Is Freedom Of The Press Radical Or Moderate?

Is Freedom of the Press Radical or Moderate?

Examples from Eighteenth- Century Scandinavia

By Professor John Christian Laursen (University of California, Riverside)

January 7, 2016         Picture: Valentina Calà/Flickr

This article is part of The Critique’s Great War Series Part II: Charlie Hebdo, Free Speech & Religious Violence Exclusive.

Scandinavia was responsible for two of the earliest declarations of freedom of the press as government policy. In 1766 a law was passed making partial freedom of the press a matter of constitutional law in Sweden, and in 1770 a royal decree made an almost complete freedom of the press a matter of law in Denmark. There is always a history behind such laws, and part of it can be told in terms of the ideas prevailing at the time. This essay explores the ideas of several of the people who were involved with producing these laws. At issue here is whether they should be considered radical or merely moderate measures. This could make a difference in our evaluation of the role of freedom of the press in history. Does it make a big difference, or is it usually only partial and not particularly revolutionary?

The writings that will be reviewed here are Peter Forsskål’s manuscript and pamphlet on freedom of the press of 1759 (Forsskål 2009), Johann Friedrich Struensee’s writings on freedom of expression in 1763-4, the translation of David Hume’s essay on freedom of the press into Danish in 1771, and the rest of the free-press debate in Copenhagen in the early 1770’s. They throw light on the intellectual context of the two great Scandinavian declarations of freedom of the press.

Jonathan Israel’s recent work has invited us to think that the most important philosophical influence in discussion of issues such as freedom of the press in the eighteenth century was the seventeenth century philosopher Benedict de Spinoza (Israel 2006; see also Israel 2001 and Israel 2011). He contrasts the position of Spinoza, described as the origin of the Radical Enlightenment, with that of Scottish philosopher David Hume, who represents only a Moderate Enlightenment. According to Israel:

“The ‘making of modernity’ here means the emergence of an interlocking complex of abstract concepts of which individual liberty, democracy, freedom of expression, comprehensive toleration, equality racial and sexual, freedom of lifestyle together with a wholly secular morality which, it is argued, are predominantly (but not exclusively) derived from the Radical Enlightenment” (Israel 2006, 52).

Israel does not deny that modernity owes something to the Moderate Enlightenment:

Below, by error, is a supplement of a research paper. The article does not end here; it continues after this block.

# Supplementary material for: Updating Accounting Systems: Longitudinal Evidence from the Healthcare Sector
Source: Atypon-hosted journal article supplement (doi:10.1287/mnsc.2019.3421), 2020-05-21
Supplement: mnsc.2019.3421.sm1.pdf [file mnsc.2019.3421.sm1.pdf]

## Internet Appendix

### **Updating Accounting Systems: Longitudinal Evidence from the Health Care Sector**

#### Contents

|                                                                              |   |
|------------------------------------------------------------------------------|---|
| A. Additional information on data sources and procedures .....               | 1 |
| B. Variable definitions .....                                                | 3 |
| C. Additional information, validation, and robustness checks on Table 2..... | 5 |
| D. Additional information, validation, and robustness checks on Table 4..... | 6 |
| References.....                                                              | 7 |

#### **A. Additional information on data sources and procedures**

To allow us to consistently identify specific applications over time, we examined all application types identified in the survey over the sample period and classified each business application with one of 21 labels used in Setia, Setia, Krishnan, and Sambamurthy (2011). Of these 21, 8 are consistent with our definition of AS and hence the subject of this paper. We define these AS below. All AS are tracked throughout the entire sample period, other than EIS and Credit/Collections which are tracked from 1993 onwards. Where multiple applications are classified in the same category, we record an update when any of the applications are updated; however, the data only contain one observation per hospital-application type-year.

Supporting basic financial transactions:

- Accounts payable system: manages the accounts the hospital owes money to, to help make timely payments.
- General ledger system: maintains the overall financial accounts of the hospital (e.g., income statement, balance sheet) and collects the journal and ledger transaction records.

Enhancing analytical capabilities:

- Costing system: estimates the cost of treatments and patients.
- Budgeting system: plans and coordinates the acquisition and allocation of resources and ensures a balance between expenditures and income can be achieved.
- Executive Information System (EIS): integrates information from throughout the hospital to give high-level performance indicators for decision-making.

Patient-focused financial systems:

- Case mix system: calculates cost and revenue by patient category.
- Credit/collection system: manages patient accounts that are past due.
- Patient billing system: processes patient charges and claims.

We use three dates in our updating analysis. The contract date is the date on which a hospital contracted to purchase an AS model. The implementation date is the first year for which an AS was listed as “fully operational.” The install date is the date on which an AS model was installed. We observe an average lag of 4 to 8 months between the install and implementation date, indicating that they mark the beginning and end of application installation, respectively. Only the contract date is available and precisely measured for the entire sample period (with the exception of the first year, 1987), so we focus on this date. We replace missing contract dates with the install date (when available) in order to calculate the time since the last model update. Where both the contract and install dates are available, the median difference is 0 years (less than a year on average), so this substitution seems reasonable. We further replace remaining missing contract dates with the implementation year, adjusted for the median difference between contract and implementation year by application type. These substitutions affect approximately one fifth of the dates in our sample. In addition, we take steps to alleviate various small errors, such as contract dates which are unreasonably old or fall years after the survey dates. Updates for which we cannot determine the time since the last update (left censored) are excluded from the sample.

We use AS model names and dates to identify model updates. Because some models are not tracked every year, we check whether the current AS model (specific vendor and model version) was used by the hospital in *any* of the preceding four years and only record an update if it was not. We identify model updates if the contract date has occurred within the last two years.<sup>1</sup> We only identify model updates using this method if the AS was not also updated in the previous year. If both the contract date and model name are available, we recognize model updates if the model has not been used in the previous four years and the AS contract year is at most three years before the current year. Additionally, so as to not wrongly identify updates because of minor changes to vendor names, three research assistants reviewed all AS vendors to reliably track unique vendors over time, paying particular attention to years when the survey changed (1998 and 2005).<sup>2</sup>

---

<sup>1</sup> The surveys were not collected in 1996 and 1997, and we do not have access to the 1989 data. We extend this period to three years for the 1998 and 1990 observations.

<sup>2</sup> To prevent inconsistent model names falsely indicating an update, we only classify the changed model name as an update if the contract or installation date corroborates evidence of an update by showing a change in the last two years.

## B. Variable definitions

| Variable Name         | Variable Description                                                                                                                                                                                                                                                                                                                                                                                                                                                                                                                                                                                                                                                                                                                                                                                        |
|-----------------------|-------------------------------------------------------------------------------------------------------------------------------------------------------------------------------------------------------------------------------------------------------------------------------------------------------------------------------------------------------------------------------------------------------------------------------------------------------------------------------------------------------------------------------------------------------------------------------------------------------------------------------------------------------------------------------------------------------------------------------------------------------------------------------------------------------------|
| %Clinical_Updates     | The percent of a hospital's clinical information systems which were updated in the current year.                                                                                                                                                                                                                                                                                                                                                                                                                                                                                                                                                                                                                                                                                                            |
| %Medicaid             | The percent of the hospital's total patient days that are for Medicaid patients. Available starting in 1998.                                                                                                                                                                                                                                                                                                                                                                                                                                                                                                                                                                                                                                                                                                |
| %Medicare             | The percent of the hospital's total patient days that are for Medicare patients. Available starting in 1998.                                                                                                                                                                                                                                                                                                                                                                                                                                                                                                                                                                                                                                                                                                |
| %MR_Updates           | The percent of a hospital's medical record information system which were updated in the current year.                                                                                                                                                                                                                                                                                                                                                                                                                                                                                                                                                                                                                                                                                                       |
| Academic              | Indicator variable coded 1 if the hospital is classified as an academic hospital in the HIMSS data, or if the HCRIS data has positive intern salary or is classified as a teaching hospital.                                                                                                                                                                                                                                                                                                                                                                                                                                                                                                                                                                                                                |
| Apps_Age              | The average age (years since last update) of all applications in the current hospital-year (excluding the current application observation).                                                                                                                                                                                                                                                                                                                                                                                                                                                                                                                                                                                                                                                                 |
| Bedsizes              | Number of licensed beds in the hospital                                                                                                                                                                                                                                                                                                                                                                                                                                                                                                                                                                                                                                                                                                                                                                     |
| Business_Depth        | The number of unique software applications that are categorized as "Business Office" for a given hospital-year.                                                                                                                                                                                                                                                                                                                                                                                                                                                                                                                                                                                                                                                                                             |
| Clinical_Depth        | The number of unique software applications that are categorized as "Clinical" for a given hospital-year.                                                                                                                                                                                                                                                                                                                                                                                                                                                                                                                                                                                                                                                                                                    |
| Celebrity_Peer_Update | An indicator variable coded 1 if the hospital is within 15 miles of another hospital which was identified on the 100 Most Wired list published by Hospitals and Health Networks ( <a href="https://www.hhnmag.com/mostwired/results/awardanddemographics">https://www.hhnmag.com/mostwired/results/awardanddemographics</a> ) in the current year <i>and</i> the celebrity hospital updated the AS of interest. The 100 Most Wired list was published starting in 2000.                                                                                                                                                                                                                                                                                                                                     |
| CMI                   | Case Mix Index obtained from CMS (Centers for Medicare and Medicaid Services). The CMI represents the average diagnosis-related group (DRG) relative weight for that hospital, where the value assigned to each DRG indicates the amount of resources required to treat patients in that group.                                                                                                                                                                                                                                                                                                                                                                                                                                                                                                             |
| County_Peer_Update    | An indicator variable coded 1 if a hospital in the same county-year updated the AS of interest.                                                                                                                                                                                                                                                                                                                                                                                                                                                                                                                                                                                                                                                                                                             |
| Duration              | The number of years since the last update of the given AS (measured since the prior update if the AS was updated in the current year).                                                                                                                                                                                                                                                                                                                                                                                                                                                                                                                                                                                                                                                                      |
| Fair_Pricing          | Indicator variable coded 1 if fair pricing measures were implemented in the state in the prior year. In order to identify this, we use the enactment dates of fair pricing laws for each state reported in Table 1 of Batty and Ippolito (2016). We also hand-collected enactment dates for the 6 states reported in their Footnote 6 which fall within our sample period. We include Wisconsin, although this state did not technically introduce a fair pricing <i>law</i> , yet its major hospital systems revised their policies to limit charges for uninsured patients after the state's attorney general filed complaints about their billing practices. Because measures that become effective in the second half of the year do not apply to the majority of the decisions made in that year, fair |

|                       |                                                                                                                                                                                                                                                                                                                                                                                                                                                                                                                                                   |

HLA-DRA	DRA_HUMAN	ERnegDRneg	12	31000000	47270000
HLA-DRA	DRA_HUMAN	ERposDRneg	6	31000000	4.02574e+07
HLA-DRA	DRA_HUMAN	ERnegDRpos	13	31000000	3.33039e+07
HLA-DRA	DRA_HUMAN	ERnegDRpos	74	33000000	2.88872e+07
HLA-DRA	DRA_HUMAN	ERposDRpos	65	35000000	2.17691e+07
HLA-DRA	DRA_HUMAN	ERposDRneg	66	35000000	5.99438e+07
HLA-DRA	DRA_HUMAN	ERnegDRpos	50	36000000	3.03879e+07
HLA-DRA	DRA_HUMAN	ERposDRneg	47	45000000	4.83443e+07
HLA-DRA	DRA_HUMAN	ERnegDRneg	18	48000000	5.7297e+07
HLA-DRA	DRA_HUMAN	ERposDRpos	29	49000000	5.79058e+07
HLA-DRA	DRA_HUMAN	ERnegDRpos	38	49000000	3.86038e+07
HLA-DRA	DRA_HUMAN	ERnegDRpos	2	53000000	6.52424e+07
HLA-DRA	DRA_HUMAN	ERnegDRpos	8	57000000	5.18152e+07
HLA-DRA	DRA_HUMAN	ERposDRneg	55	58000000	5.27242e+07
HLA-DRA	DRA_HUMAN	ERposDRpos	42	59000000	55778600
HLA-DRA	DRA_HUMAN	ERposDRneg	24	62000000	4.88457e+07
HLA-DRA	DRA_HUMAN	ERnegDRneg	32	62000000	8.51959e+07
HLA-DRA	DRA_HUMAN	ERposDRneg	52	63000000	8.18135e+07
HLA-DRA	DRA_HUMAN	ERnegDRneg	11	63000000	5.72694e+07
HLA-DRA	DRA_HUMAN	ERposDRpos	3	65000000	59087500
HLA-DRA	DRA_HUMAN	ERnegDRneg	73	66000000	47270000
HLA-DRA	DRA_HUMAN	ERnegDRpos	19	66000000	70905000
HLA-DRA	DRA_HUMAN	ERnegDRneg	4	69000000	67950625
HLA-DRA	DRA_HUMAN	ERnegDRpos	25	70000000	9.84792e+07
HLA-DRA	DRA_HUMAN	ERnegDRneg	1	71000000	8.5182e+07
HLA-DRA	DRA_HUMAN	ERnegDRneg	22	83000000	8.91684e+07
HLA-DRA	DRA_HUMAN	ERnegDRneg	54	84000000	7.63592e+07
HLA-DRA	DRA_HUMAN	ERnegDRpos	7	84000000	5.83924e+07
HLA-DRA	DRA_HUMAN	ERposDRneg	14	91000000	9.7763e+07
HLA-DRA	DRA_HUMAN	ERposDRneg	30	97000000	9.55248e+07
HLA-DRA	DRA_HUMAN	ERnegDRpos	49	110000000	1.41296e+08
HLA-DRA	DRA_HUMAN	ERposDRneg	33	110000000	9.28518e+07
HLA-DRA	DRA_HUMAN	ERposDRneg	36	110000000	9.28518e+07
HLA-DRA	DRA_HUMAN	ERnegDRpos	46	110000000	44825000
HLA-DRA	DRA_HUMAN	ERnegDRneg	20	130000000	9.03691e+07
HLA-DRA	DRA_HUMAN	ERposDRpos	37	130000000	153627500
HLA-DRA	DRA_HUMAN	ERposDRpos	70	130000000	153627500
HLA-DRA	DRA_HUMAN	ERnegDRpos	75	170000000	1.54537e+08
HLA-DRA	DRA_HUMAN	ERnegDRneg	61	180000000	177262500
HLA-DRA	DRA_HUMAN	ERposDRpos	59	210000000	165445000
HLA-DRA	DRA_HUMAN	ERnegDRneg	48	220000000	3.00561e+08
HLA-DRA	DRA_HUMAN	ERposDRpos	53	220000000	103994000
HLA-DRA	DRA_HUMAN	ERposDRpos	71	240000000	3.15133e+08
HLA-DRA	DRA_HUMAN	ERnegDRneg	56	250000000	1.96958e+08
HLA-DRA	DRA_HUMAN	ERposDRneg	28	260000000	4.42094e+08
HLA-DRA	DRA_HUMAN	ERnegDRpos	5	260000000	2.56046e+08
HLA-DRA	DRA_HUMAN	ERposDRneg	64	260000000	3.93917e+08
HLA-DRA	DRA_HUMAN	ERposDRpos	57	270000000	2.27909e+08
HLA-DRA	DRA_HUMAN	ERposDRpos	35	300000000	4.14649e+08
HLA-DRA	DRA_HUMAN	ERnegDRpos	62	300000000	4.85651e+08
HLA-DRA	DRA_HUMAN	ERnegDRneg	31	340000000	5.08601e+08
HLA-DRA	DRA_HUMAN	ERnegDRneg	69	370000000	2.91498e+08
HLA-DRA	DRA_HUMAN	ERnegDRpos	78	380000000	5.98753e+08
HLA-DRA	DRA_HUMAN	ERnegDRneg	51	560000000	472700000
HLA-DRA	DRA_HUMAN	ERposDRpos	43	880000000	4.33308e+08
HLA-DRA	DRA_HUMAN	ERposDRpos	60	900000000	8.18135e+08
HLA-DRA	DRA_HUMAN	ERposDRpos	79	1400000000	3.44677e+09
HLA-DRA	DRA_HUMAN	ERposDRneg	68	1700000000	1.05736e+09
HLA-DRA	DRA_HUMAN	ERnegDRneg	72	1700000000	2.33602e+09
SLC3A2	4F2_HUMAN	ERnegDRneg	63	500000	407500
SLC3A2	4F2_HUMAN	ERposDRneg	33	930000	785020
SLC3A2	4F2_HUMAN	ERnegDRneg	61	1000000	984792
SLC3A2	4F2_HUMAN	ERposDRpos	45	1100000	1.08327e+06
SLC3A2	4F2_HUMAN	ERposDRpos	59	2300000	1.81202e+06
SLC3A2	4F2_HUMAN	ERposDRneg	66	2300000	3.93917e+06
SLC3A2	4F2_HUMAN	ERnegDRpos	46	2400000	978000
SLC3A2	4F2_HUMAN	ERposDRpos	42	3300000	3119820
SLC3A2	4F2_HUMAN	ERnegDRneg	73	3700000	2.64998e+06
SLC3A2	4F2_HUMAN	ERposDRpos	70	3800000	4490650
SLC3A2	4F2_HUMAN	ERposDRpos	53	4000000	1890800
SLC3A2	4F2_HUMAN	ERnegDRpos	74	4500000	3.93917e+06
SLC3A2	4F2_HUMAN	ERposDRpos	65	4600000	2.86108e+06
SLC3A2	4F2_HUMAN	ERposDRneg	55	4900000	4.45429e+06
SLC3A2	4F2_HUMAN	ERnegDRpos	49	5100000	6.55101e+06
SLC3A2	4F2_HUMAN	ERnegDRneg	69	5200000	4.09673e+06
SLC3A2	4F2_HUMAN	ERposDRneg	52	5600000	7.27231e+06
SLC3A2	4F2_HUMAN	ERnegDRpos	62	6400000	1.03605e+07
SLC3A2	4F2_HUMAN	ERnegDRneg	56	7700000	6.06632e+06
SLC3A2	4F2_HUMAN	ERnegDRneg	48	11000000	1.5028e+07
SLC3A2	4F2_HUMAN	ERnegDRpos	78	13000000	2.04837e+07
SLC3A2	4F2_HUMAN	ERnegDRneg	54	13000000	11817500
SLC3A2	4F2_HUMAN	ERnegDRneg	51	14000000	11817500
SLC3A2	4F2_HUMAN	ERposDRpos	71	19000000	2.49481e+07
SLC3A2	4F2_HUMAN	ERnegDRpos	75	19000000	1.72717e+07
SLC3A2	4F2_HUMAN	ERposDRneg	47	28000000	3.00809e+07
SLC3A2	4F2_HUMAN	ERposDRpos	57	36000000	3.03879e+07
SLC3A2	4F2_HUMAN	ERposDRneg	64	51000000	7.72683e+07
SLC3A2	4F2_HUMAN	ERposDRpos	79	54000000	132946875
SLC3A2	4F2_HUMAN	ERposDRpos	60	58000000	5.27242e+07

“there is undeniably some overlap between the desiderata of the two enlightenments as regards toleration, individual liberty, and liberty of the press” [among other things](Israel 2006, 52).

But if we owe most of our best ideas in ethics and politics to the Radical Enlightenment, as Israel thinks we do, then the overall package of Hume’s ideas is not as close to the best elements of modernity as Spinoza’s.

This means that what is at stake in deciding who was the most important influence in and around the Swedish and Danish declarations of freedom of the press is the proper characterization of those events as products of the Radical or Moderate Enlightenments, and thus of whether they are to be understood as something close to the latest and best in modernity, or merely a step along the way. Israel admits that Hume “vigorously championed toleration and liberty of the press” (Israel 2006, 53). He paraphrases Hume’s essay “Of Liberty of the Press” of 1741 to the effect that:

“the altogether exceptional freedom of the press flourishing in early and mid-eighteenth century England [was] a crucial safeguard of political liberty” and “was not at all to be taken for granted and needed to be vigilantly and staunchly defended” (Israel 2006, 53).

But he argues that:

“Hume devotes his powerful philosophical mind and sophisticated social criticism to essentially conservative political, social, and moral goals” (Israel 2006, 54).

He was a racist and an anti-Semite, a firm anti-democrat, and, “on the whole, more of an opponent than an ally of the Radical Enlightenment” (Israel 2006, 57). So the proper characterization of the context around the Swedish and Danish declarations of freedom of the press as more Spinozistic or more Humean will tell us something important about their meaning.

It has been pointed out that censorship in Sweden did not work particularly well. What have been called “structural glitches” included lack of coordination among censors, lack of competence and preparedness for dealing with subtle theological messages hidden in texts, censors who turned a blind eye on things that they sympathized with, difficult working conditions, and lack of consensus among the censors (Öhrberg 2011, 119-122). This means that there may not have been a lot of pressure to end it: if authors could get around it, it may not have been perceived by everyone as a great problem. Nevertheless, at least one author wrote against it as early as 1759: Peter Forsskål.


Forsskål’s “Thoughts”

Peter Forsskål’s “Thoughts on Civil Liberty” was written in 1759 and published in censored form that year. As Thomas Von Vegesack has written, “one of Forsskål’s influences was the Scottish philosopher David Hume, whom he also mentioned in his thesis. Forsskål probably read him in German translation” (Von Vegesack in Forsskål 2009, 25). Hume’s “Of Liberty of the Press” of 1741 was translated into German in 1756 (and into French in 1764). Of course, Forsskål also could have drawn on related ideas in many of Hume’s other writings. Von Vegesack adds that: